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08 Dec 2019

Death in Venice at Deutsche Oper Berlin

This death in Venice is not the end, but the beginning.

Britten: Death in Venice - Deutsche Oper Berlin

A review by Claire Seymour

Above: Ian Bostridge (Gustav von Aschenbach) with Adelle Eslinger (on-stage pianist)

Photo credit: Bettina Stöß


In the opening scene of Graham Vick’s 2017 production of Britten’s Death in Venice for Deutsche Oper, Gustav von Aschenbach finds himself at his own funeral.

An oversize black and gilt funerary frame projects a monochrome photograph of Thomas Mann, whose visage gazes out across a chorus of mourners, their sombre black tempered only by a round wreath of white lilies. This wreath will transform itself into Tadzio’s laurel crown, when he is victorious in the Games of Apollo; then, a gaudy necklace linking the duetting Players - “O mio carino, how I need you near me”; and, subsequently, the barber’s mirror, dexterously angled for Aschenbach to admire his youthful new coiffure. When the increasingly deluded - in this production almost deranged - Aschenbach thrusts his head through the scented circle, it seems to become a noose, foreshadowing his demise.

Deutsche Oper first scene.jpgIan Bostridge (Aschenbach). Photo credit: Bettina Stöß.

Much within Stuart Nunn’s single set - a lime-green box, with entrance-exit doors left and right, and lit with lurid tints of yellow and purple by Wolfgang Göbbel - is similarly protean. Black chairs serve as gondolas and children’s playthings, just as Britten’s Elderly Fop reappears as the Gondolier, who becomes the Hotel Manager, who shape-shifts into the Leader of the Players. The seventeen scenes of the opera ebb and flow like the tide on the Lido beach. Yet, there is scant visible representation of the waters on which the city is built: the water which is the source of both the city’s beauty and its decay. Instead, an outsized cluster of violet-hued tulips, their petal-edges curling and blackening, lie stricken. They later serve as the sickness-laden strand of the Lido; their canker is the city’s corrupting cholera.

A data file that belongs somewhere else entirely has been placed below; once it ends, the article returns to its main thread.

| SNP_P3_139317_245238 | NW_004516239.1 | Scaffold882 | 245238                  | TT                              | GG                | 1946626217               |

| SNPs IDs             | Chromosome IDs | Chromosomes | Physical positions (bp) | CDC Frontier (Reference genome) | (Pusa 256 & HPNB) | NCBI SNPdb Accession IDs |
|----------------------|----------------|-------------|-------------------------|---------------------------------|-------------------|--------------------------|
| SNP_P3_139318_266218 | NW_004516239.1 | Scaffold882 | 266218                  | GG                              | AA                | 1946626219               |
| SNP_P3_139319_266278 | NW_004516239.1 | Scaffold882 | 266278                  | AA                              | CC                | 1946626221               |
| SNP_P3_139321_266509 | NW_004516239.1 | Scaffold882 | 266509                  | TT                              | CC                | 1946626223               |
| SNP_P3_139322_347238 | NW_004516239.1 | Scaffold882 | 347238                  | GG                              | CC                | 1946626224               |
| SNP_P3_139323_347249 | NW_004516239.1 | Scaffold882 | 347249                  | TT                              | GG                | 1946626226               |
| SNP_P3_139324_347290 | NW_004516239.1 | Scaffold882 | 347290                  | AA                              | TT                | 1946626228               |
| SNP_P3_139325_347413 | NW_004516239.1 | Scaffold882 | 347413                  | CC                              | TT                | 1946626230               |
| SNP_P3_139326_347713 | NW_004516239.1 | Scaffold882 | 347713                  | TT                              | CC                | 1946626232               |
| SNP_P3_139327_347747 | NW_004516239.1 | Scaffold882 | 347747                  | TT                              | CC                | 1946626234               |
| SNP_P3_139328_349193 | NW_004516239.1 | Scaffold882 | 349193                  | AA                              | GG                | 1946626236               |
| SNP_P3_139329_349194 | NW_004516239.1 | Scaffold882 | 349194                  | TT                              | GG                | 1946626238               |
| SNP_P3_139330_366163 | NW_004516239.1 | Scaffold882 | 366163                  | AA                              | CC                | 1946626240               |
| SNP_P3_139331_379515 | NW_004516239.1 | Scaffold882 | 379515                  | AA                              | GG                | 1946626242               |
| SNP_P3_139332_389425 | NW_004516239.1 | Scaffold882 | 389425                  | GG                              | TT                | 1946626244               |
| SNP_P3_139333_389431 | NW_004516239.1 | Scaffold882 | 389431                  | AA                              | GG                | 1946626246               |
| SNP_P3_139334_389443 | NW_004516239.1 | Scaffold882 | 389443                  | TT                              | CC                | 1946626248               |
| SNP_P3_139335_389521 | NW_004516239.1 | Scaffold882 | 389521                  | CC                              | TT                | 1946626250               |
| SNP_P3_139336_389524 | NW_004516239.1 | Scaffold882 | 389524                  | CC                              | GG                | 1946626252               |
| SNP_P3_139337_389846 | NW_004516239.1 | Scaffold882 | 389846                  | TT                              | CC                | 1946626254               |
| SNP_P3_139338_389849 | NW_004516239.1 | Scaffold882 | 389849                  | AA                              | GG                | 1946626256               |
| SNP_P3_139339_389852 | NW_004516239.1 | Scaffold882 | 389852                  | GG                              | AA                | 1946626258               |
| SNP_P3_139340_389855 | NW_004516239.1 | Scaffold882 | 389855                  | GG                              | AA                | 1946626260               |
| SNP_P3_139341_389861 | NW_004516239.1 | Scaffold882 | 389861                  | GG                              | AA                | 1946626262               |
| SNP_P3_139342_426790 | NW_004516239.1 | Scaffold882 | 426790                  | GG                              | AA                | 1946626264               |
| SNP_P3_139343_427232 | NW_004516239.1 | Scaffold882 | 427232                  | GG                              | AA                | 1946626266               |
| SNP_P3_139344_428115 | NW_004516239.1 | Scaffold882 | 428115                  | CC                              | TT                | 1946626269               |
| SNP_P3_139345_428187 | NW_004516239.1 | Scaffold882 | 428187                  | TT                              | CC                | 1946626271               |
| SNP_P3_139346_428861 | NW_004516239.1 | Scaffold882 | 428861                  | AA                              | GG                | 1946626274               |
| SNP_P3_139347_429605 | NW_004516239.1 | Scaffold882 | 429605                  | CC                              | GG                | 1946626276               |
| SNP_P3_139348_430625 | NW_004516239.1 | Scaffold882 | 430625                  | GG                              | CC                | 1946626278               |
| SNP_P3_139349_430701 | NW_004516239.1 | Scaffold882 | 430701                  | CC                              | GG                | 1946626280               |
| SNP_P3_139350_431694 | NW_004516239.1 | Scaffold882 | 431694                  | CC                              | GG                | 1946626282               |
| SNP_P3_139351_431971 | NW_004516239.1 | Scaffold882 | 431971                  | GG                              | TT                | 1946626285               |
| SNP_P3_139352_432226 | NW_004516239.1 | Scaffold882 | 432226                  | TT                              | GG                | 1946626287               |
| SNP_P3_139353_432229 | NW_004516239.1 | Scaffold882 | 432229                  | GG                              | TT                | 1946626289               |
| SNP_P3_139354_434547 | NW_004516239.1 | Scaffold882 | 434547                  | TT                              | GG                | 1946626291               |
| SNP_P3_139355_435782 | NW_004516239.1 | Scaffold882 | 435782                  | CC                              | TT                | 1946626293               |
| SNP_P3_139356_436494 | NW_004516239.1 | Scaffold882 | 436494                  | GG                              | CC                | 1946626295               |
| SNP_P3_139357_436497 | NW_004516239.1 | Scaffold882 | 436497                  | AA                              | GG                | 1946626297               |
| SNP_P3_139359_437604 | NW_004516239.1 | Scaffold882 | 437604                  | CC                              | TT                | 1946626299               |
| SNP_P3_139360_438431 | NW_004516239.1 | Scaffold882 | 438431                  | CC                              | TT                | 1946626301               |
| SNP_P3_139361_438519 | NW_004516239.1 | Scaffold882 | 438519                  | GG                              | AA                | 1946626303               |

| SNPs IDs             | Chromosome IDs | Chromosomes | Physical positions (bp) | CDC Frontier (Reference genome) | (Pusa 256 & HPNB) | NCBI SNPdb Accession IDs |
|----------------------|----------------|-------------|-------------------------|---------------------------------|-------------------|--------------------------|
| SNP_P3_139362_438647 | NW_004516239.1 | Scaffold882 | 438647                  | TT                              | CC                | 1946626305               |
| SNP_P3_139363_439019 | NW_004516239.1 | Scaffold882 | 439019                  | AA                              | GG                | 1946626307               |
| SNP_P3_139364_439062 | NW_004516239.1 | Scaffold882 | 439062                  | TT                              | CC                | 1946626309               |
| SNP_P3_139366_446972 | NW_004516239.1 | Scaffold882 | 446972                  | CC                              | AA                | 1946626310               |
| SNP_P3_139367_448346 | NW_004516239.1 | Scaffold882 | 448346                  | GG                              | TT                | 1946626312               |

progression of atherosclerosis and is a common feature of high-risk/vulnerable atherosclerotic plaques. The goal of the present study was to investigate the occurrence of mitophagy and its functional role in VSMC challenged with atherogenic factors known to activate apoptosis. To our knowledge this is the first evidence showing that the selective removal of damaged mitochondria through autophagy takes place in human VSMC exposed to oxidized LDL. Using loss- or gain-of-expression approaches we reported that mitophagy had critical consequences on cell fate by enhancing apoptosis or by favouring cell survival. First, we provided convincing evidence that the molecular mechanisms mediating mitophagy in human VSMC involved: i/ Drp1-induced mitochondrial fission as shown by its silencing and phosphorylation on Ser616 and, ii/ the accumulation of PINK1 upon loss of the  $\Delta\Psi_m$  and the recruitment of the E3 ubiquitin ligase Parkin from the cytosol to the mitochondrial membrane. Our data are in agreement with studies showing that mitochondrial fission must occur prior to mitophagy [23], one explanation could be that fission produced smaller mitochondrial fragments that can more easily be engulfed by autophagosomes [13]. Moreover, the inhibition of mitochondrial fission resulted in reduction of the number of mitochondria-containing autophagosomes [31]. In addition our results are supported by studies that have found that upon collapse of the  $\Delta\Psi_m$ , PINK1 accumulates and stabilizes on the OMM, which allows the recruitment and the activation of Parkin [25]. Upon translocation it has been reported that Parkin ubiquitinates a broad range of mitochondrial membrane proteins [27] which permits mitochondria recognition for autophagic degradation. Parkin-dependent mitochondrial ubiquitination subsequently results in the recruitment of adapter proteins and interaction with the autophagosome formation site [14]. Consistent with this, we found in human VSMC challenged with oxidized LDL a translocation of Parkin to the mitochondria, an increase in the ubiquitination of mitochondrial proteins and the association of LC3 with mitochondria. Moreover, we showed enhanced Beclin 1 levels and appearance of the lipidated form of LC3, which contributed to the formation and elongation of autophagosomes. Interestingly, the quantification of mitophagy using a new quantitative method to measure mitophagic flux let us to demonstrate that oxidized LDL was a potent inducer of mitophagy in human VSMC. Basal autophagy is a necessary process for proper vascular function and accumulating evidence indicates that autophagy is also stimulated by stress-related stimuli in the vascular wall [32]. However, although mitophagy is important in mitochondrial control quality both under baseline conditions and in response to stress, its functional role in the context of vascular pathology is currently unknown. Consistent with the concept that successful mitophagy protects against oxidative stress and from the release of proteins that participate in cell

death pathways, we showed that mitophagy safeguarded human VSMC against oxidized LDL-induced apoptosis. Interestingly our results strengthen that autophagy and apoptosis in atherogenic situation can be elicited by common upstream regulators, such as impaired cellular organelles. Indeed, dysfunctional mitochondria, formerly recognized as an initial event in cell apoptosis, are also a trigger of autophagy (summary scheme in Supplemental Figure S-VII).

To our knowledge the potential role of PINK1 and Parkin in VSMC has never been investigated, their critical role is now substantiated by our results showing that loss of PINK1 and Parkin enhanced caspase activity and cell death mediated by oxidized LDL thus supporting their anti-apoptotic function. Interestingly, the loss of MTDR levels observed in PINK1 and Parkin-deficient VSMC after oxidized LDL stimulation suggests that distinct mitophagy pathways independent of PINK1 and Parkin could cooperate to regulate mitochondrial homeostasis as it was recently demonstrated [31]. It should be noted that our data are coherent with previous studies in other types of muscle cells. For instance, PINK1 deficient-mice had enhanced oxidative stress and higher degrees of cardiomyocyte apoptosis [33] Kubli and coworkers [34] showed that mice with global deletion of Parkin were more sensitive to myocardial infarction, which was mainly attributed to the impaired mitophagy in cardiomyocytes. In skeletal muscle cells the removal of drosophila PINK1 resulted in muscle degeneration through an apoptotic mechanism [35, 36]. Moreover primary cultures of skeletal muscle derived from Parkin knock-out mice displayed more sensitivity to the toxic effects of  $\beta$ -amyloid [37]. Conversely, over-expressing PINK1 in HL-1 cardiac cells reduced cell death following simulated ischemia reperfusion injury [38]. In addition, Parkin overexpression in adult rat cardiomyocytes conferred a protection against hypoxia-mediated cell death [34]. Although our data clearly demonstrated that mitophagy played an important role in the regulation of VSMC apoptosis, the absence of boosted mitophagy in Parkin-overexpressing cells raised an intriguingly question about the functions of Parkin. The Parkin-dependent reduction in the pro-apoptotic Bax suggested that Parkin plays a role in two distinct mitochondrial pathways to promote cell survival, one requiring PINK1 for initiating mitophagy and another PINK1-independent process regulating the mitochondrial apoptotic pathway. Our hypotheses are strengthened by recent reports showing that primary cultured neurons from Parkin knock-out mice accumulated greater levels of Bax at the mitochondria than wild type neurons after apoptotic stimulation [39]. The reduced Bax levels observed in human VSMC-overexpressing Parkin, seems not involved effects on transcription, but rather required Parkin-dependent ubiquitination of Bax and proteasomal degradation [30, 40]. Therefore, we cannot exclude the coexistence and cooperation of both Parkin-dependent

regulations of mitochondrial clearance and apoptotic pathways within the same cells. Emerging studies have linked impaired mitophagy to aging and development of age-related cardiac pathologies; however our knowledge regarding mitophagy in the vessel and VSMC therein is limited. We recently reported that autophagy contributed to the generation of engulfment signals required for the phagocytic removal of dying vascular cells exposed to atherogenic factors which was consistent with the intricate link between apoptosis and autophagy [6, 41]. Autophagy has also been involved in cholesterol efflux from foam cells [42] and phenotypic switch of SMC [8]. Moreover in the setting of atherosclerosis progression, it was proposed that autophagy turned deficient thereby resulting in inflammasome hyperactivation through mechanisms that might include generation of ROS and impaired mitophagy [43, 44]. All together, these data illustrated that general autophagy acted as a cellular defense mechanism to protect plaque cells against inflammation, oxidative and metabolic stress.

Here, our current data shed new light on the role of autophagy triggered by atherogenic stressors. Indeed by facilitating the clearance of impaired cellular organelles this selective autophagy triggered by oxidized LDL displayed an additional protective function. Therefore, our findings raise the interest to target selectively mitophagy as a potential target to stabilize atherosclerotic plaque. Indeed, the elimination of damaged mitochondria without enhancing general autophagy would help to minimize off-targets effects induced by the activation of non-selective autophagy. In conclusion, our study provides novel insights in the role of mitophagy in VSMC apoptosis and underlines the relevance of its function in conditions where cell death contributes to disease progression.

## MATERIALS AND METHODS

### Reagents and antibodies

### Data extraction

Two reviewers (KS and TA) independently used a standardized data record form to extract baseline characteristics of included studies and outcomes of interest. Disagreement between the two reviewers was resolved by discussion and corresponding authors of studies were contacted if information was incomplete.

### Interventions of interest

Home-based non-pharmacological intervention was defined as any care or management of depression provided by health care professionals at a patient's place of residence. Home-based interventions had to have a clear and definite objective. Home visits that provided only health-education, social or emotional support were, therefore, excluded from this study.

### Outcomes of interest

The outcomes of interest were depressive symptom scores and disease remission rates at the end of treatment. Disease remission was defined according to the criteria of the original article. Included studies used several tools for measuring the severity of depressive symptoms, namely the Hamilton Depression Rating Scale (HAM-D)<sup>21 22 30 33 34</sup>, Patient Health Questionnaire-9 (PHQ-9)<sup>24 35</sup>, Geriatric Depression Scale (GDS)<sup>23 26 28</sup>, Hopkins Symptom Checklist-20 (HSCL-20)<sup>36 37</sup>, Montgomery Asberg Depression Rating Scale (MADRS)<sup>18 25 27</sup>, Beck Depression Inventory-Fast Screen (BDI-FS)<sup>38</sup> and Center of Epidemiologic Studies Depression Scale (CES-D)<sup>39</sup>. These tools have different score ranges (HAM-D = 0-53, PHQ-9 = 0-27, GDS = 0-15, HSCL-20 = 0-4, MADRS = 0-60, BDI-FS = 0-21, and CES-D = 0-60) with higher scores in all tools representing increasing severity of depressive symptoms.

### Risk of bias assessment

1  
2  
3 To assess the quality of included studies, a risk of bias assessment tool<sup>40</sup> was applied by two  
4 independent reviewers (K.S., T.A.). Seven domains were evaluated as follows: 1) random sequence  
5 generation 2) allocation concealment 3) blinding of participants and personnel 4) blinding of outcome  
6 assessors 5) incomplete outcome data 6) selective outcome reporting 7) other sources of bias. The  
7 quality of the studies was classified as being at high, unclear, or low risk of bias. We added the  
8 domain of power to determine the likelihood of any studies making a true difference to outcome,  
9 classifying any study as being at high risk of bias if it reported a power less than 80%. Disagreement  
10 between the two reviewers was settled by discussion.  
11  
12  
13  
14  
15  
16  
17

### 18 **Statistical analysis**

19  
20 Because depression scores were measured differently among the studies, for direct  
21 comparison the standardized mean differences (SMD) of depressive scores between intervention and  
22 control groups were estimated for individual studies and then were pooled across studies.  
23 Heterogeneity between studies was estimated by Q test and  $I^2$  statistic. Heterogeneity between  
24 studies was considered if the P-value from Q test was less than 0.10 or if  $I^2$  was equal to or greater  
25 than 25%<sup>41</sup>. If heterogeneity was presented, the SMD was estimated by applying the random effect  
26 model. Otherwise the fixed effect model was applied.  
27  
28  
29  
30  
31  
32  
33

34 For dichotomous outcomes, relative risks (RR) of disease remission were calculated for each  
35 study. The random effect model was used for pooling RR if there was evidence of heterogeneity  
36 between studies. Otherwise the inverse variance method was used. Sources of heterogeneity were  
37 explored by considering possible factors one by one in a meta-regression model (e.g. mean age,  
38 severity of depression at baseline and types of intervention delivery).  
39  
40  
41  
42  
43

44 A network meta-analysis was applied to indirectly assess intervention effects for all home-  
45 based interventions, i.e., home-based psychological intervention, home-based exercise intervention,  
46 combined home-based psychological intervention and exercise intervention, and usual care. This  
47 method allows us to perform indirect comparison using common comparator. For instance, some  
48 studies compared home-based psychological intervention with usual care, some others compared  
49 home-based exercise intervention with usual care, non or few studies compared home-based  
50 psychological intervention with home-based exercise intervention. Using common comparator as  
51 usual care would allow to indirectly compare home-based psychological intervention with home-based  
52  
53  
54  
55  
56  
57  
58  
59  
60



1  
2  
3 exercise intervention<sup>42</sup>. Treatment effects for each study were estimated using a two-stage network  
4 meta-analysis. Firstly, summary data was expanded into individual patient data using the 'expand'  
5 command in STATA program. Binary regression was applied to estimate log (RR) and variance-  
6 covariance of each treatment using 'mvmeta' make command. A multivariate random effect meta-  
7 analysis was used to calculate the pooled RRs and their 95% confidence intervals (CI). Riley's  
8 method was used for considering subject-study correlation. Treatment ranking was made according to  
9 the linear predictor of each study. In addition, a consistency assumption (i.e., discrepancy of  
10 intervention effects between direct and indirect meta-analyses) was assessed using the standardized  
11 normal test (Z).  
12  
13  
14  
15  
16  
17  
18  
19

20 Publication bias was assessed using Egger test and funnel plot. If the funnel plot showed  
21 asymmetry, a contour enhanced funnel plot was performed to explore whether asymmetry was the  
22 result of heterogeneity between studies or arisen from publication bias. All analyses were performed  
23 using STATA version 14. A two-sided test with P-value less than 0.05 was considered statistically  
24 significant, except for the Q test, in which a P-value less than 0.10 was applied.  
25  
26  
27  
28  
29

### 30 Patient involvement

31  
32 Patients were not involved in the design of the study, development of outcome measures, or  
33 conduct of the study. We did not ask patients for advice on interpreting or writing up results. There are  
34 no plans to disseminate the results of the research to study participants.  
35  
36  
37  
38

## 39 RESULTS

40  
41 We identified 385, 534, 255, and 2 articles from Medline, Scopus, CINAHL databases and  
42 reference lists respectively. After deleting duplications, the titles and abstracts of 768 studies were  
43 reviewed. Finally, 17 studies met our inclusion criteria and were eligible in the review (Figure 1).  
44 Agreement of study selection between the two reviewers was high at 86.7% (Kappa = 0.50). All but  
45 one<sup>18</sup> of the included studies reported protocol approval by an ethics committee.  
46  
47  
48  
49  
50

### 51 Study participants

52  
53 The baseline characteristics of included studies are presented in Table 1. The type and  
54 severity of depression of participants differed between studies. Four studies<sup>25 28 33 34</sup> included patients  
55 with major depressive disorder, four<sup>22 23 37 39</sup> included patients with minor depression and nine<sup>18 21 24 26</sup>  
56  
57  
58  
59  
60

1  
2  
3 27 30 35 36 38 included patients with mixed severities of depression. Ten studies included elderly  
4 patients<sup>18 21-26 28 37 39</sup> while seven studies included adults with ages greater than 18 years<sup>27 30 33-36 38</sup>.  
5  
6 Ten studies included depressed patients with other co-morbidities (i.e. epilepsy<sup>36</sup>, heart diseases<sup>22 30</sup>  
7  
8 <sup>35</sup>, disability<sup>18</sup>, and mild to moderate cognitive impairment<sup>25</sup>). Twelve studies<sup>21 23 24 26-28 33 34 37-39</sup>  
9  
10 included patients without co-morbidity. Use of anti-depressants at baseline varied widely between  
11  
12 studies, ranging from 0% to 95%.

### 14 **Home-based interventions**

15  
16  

As the aging, angst-ridden Aschenbach, Ian Bostridge might have wandered in from a Schubert lied, an impression deepened by the presence of the on-stage piano: a wanderer, an outcast, this Aschenbach was a liminal figure, singing from elsewhere, the ‘other side’, trapped within the story - dream or actuality, who knows? - of his own death. And, with characteristic and potent performative immersion, Bostridge coloured the text, ‘bent’ the melodic lines, surged, sometimes snarled, through the increasingly emotive utterances of delusion, desolation and defeat. He swayed and staggered, leaned back and curved forward; he reclined against and then climbed onto the piano. Yet, while at times almost overcome by his awareness of loss of dignity and unalleviated despair, in the recitatives Bostridge’s Aschenbach stood erect and sang with vocal pristineness and clarity of thought - even if it was the lucidity of a deluded mind in self-denial. At such times, Bostridge moved to the fore of the stage and sang directly to us. His stare was unwavering, unnerving, as if Aschenbach was facing his own image in a mirror which would brook no dishonesty.

Traveller and IB.jpg Seth Carico (as the Traveller) and Ian Bostridge (Aschenbach). Photo credit: Bettina Stöß.